A systole that is too high is usually asymptomatic, so many patients do not even know that their blood pressure is too high. Warning symptoms for too high a systole can be a headache in the early morning, especially at the back of the head, dizziness, ringing in the ears, nervousness and shortness of breath during exercise can also be an indication of high blood pressure. Often, however, too high a systole only becomes noticeable through complications. These include damage to the vessel walls (including in the eye), heart attack, stroke and kidney disease.
To avoid these complications, every patient with high blood pressure should receive medical attention. Therapy consists of lifestyle changes:
- More movement
- Reduction of obesity
- healthier diet
- Stop smoking.
If these measures cannot permanently reduce the excessively high systole, so-called ones are used Antihypertensive drugs back, which are supposed to lower blood pressure.
- Diuretics (dehydrating agents)
- ACE inhibitors
- Angiotensin receptor blockers
- Calcium channel blockers
- Beta blockers
used. The complications mentioned above can be significantly reduced by lowering the blood pressure.
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Systole too low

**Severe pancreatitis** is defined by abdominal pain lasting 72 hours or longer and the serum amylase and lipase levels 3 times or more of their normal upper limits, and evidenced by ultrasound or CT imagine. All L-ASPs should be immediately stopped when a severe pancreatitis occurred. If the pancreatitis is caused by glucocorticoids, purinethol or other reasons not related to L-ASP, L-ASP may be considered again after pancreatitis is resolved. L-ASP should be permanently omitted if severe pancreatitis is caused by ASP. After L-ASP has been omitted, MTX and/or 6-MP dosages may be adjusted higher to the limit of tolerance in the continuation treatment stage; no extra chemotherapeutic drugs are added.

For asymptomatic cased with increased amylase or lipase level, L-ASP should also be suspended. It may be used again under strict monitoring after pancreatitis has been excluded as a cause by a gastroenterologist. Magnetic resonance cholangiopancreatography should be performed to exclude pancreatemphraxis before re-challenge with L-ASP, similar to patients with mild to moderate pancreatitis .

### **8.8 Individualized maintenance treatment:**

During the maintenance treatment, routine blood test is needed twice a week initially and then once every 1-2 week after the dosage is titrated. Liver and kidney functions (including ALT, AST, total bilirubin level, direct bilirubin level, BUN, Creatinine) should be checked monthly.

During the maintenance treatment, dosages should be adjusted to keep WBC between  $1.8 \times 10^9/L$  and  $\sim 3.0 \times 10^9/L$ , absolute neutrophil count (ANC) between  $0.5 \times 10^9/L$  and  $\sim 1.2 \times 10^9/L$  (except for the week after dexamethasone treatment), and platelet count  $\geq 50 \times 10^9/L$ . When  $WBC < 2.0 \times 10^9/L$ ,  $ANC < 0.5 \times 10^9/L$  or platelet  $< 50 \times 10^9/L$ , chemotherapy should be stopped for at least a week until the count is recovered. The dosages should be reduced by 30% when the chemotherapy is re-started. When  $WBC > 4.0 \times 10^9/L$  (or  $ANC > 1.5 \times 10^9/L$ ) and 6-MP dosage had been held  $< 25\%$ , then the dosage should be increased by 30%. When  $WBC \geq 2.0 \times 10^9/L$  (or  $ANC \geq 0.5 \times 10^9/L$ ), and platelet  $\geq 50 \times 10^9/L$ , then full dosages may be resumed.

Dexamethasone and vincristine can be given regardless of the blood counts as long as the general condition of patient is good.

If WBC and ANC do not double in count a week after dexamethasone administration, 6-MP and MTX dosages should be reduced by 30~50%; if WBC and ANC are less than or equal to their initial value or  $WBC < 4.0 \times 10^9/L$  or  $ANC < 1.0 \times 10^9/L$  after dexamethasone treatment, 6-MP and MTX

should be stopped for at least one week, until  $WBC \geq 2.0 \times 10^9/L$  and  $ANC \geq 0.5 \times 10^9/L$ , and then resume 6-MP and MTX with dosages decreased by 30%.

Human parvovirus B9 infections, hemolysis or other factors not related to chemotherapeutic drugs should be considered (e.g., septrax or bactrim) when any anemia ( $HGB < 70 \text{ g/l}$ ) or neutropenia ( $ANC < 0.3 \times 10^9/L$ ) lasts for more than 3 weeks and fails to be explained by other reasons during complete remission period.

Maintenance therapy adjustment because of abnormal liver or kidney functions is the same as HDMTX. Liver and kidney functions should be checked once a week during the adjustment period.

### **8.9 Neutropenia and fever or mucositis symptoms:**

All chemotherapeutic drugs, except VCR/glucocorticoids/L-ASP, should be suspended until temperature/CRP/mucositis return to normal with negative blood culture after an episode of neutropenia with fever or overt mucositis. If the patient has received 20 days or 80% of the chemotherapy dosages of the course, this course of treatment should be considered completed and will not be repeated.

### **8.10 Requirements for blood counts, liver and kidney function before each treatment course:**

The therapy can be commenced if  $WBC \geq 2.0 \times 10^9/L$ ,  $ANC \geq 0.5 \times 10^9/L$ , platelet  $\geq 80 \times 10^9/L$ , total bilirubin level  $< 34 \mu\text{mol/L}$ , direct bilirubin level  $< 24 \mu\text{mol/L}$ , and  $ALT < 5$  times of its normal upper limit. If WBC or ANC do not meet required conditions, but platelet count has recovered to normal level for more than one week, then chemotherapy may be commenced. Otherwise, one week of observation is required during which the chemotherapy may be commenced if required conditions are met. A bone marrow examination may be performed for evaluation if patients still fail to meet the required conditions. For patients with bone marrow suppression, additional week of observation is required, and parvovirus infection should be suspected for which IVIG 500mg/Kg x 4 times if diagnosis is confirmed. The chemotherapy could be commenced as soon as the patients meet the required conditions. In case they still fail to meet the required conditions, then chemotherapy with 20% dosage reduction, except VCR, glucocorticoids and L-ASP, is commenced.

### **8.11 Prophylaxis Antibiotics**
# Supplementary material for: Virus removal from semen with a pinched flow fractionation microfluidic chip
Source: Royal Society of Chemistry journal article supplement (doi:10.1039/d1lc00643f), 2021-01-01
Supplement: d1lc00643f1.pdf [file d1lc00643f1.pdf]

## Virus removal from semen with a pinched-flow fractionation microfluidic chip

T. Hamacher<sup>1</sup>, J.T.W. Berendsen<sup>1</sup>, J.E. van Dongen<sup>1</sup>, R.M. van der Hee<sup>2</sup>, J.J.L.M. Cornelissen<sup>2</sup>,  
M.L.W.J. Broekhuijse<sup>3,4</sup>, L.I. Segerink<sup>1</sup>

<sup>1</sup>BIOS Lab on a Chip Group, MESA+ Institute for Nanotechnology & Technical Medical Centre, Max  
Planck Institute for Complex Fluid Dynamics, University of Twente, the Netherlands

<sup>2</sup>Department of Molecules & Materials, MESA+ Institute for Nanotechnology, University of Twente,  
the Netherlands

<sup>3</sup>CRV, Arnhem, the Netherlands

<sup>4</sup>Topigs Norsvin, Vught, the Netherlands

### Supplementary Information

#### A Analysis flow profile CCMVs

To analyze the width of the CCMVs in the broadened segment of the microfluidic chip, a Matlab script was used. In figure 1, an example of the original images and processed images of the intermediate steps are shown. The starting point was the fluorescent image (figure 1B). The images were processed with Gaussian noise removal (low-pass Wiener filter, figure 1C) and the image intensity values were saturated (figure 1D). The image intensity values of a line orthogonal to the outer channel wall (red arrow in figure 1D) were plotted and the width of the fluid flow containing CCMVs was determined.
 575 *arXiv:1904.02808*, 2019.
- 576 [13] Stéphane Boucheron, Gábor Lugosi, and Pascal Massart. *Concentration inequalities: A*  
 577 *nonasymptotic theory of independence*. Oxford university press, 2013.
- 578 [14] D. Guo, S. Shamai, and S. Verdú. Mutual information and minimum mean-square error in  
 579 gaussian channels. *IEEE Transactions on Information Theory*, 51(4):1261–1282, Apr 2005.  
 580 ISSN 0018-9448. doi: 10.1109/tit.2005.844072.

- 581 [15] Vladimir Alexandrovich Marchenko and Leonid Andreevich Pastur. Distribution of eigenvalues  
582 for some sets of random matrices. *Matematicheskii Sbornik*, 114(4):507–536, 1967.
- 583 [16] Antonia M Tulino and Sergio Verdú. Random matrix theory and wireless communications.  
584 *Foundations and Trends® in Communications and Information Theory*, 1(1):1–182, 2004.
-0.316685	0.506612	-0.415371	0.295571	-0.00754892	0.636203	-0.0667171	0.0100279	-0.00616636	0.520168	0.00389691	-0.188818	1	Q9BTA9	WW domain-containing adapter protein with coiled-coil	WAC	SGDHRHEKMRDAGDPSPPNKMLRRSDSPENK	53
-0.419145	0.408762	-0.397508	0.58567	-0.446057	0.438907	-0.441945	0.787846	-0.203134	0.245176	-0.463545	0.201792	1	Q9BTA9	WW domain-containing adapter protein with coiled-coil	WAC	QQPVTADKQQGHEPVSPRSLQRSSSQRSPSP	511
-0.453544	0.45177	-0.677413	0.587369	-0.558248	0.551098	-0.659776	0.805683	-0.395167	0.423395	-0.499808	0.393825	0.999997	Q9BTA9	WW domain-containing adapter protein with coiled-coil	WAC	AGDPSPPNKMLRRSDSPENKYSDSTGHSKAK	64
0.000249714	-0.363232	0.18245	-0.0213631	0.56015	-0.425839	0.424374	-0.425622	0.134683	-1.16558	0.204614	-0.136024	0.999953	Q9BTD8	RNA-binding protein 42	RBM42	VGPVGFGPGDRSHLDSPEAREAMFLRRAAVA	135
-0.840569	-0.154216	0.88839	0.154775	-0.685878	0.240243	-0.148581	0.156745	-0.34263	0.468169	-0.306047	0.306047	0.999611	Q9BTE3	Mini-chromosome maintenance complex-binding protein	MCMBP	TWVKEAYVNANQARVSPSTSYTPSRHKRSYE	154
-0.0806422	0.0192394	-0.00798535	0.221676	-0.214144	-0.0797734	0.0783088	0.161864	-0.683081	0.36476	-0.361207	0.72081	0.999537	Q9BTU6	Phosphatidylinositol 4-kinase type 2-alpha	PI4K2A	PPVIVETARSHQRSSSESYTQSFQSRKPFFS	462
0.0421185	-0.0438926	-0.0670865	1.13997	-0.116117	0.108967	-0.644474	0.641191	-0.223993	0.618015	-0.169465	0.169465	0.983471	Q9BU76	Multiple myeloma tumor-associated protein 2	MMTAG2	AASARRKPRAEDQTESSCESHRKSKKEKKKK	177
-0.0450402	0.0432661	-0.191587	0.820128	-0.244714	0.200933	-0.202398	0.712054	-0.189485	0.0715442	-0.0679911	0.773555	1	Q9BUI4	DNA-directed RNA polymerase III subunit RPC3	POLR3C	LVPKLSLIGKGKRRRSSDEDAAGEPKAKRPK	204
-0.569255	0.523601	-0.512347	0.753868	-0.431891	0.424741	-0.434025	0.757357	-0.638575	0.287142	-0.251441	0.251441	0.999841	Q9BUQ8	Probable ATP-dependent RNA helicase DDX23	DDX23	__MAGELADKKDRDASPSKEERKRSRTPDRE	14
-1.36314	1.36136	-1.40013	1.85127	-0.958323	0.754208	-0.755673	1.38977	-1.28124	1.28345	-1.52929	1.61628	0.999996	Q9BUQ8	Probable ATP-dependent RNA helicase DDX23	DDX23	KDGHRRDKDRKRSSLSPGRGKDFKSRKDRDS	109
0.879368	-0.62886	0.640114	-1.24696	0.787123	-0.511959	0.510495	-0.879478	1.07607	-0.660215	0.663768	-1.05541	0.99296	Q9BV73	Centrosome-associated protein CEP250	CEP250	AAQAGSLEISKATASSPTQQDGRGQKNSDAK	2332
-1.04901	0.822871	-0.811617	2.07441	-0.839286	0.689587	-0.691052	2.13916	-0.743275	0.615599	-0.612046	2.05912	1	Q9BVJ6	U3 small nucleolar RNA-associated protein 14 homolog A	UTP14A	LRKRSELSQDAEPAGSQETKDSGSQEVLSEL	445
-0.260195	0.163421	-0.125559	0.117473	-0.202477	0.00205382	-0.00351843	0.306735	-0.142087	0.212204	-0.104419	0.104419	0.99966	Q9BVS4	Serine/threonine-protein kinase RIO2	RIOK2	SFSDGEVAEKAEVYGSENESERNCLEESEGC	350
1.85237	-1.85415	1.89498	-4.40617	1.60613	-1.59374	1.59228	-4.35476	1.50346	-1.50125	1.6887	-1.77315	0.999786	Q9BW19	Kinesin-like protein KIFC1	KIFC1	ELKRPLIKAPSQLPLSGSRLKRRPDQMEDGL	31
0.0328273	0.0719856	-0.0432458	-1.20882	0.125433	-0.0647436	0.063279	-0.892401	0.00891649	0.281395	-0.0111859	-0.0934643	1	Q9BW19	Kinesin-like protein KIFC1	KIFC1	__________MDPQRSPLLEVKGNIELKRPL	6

Values between 100mmHg and 130mmHg are considered normal systolic blood pressure values.
If the systolic blood pressure falls below 100mmHg, one speaks of low blood pressure, which is also known as hypotension. The consequence of low blood pressure is that the blood from the heart is pumped out of the heart with less pressure and this leads to reduced blood flow to some organs. The brain is particularly affected in this regard.
Symptoms of persistently low blood pressure can include tiredness, dizziness, general weakness, paleness and cool skin, and palpitations. If the pressure falls to values below 70mmHg, the person usually passes out.
Which systolic values are considered dangerous?
The blood pressure value 120/80 mmHg is regarded as the ideal blood pressure. However, slightly lower or higher values are not bad and in no way dangerous. However, if the systolic blood pressure is above 140mmHg or below 100mmHg, this should be monitored regularly and if necessary, a doctor should be consulted. However, blood pressure can fluctuate differently depending on the day and physical activity. If the blood pressure should rise or fall briefly, this is not a cause for concern, but only an absolutely normal compensation of the body.
If the systolic blood pressure falls below a value of 100mmHg, reduced bleeding of the body, and especially of the brain, can occur. Many, especially young women, live with constant values around 100mmHg and have no complaints whatsoever. However, if the systolic value falls below 90mmHg, this should be observed and, if necessary, examined by a doctor.
If the systolic blood pressure rises permanently above 140mmHg regardless of external or physical influences, this should be observed, as the vessels in the body have to withstand this increased pressure and this can lead to small cracks in the vessels or to thickening and hardening over a longer period of time. High blood pressure is therefore considered to be a decisive risk factor for arteriosclerosis.
What influence does systole have on blood pressure?